Comet Gain "Howl Of The Lonely Crowd" LP (2011)
Comet Gain "Howl Of The Lonely Crowd" LP (2011)
Comet Gain "Howl Of The Lonely Crowd" LP (2011)
Comet Gain "Howl Of The Lonely Crowd" LP (2011)
Comet Gain "Howl Of The Lonely Crowd" LP (2011)
WYR?/Fortuna Pop

Comet Gain "Howl Of The Lonely Crowd" LP (2011)

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Details: Rare used near-mint copy of Comet Gain's fantastic 2011 (sixth) full-length "Howl Of The Lonely Crowd" on U.S. label, What's Your Rupture? (on Fortuna Pop in the UK), produced by Edwyn Collins (Orange Juice) and Ryan Jarman (The Cribs).  

Description: "UK indie-pop lifers team with Orange Juice's Edwyn Collins, the Cribs' Ryan Jarman, and others for their first new album since 2005. Comet Gain are indie-pop lifers, and not only because they're fast approaching 20 years of existence. The UK band's discography is a finely detailed and uncommonly honest document of lives lived through music, free of schmaltz and coated with lyrical nods to the records they admire most ("You can hide your love forever," goes Comet Gain's heartbreaking response to Orange Juice). "Jack Nance Hair", from 2009 compilation Broken Record Prayers, is a manifesto for people who love music to an almost religious degree: an outsider anthem reflecting scrappy, fallible humanity through a record's imperfections ("Young, free, and single/ Like the crack in the 45") and the comforting indifference of time through the turntable's ceaseless spin.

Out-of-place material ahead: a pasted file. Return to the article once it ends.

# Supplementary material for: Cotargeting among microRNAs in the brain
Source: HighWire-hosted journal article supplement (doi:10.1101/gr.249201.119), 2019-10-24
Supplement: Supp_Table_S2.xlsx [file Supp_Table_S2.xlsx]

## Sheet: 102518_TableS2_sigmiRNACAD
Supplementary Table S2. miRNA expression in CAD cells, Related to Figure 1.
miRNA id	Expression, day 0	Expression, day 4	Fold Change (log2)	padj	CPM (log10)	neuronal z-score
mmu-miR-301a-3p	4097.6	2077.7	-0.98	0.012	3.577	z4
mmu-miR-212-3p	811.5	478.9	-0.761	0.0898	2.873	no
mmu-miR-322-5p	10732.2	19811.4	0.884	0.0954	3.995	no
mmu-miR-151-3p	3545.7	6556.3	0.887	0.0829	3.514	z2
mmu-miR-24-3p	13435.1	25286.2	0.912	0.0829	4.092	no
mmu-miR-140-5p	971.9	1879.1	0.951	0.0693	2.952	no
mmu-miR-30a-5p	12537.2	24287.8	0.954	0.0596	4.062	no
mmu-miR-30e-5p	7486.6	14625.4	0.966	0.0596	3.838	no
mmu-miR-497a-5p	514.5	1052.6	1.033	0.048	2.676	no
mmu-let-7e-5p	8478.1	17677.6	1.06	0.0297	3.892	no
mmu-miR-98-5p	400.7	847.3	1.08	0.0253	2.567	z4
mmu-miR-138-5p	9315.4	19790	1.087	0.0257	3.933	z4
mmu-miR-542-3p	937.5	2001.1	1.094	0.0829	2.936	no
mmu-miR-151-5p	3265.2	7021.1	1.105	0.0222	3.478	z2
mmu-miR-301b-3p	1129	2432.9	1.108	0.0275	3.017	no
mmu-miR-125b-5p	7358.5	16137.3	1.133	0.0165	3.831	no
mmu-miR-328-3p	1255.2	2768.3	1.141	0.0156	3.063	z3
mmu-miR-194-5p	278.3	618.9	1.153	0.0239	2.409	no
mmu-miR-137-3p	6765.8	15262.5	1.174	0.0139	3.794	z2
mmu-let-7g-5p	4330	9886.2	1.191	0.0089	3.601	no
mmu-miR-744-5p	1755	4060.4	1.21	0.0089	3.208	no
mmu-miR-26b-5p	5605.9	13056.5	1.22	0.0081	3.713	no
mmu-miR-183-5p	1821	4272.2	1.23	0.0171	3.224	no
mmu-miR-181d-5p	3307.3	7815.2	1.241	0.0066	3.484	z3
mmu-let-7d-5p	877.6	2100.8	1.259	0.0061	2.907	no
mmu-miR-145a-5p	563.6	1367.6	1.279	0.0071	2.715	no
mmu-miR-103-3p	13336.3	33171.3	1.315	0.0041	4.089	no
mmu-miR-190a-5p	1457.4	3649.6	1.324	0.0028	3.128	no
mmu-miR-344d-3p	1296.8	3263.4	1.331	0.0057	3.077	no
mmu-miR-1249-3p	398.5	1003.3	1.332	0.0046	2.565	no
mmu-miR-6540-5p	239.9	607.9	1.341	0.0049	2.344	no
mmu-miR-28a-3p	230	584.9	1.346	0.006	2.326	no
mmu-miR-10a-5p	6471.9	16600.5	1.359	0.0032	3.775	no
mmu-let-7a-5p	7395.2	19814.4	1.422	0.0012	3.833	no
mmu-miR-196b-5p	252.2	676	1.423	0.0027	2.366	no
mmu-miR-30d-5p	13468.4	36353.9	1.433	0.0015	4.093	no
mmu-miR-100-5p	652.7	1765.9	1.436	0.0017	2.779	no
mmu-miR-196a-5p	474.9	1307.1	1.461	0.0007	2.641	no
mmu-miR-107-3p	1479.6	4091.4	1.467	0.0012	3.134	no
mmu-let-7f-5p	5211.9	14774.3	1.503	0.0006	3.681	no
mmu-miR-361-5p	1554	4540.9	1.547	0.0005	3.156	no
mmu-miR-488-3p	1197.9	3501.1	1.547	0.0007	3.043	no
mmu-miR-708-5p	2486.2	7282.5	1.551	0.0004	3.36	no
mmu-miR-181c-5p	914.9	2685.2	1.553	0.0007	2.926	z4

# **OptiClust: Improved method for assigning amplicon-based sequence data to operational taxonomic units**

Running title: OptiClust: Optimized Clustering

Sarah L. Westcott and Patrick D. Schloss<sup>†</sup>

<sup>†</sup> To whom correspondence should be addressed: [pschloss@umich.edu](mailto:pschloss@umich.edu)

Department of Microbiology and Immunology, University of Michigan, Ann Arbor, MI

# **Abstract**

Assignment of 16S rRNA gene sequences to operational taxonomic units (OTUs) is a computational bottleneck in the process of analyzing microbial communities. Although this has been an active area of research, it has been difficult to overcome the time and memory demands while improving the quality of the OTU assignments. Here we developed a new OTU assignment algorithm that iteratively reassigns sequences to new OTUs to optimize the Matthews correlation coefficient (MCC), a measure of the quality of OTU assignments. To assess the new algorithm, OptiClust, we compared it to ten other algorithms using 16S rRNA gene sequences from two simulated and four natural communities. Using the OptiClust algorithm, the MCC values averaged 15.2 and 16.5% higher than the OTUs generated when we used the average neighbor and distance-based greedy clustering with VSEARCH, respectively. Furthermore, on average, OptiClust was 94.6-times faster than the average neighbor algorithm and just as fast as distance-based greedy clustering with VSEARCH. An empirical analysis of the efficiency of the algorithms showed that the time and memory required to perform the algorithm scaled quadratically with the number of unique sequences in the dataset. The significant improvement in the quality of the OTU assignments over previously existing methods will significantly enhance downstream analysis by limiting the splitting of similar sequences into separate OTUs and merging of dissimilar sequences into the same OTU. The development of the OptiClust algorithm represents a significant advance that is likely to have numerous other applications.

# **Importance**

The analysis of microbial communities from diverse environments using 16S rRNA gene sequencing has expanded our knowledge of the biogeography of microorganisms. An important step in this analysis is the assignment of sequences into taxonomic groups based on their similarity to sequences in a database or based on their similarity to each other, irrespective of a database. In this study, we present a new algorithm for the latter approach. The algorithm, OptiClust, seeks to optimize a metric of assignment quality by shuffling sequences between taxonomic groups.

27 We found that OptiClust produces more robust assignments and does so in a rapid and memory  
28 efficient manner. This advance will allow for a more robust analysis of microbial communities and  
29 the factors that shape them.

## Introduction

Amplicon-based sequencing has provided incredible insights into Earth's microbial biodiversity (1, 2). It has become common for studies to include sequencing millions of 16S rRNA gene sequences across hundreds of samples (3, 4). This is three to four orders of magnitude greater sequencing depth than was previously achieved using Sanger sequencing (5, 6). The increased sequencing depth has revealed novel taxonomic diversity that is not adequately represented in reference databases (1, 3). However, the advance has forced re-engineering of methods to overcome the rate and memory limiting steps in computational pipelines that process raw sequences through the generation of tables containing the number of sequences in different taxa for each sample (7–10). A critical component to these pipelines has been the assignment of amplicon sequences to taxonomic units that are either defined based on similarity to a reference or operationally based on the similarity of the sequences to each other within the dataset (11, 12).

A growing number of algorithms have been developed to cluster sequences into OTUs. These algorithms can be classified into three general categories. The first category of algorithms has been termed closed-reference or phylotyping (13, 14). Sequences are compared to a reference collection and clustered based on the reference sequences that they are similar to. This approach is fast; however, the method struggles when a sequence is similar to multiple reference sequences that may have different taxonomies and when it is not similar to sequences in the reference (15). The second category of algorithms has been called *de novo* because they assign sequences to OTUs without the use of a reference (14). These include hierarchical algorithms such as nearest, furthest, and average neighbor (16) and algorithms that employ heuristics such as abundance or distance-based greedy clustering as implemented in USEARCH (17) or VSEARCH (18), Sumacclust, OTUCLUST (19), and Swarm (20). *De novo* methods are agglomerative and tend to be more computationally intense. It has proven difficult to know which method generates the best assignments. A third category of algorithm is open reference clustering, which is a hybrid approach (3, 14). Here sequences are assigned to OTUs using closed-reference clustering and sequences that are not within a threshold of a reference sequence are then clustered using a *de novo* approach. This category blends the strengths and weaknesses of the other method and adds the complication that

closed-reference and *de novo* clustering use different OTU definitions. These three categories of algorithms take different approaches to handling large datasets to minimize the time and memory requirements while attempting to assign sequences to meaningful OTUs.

The group's sound, accordingly, is a shambolic collision between elements of dream pop, mod psychedelia, northern soul, and riot grrrl (guitarist Jon Slade cut his teeth in Huggy Bear). On The Howl of the Lonely Crowd, Comet Gain's first proper album since 2005's City Fallen Leaves, singer/guitarist David Feck and his revolving-door lineup of musicians put a new twist on their incessant dialogue with their favorite artists: They recorded with one. Orange Juice's Edwyn Collins produced much of the album, which means Feck got to live out a fanboy fantasy. The new album also features collaborations with some of Comet Gain's contemporaries, such as Alasdair Maclean of the Clientele, as well as their heirs, including The Cribs' Ryan Jarman and Shrag's Helen King. Jarman and Brian O'Shaughnessy (whose credits go back to Primal Scream) lent additional production.

For the most part, Lonely Crowd finds Comet Gain up to their old tricks: paeans to impressive record collections ("Thee Ecstatic Library"), odes to cult heroes ("Herbert Huncke Pt. 2"), and wistful balladeering ("In a Lonely Place"). The record's first few tracks, in particular, can stand respectably beside the band's strongest material, with jangling standouts like "The Weekend Dreams" and "Clang of the Concrete Swans". Side B gets bogged down by a few too many inert slow songs, but singer Rachel Evans swoops in to save the side with the "Ballad of Frankie Machine", a quintessentially British tribute to the protagonist of This Sporting Life that effectively channels the 1963 film's haunting mood.

Even if Lonely Crowd doesn't quite live up to the bar set by Broken Record Prayers-- which was, after all, a singles collection-- there's still something dependably refreshing about a new Comet Gain record. The band's diehard convictions and carefully wrought lyrics seem even more vital these days, when "indie-pop" often signifies a marketable sound rather than a lifestyle commitment. Comet Gain cling to the vestiges of that lifestyle with a convert's zeal. "Some of us don't want to be saved," Feck sings in one of the album's most memorable lines-- presumably because some of us already have been, as long as the turntable's spinning." - Lindsay Zoladz, Pitchfork

Grade: NM (Cover) / NM (Record)


1. Clang Of The Concrete Swans
2. The Weekend Dreams
3. An Arcade From The Warm Rain That Falls
4. She Had Daydreams
5. Working Circle Explosive!
6. Yoona Baines
7. Herbert Huncke Prt 2


1. After Midnite, After Its All Gone Wrong
2. A Memorial For Nobody That I Know
3. Ballad Of Frankie Machine
4. Some Of Us Don't Want To Be Saved
5. Thee Ecstatic Library
6. In A Lonely Place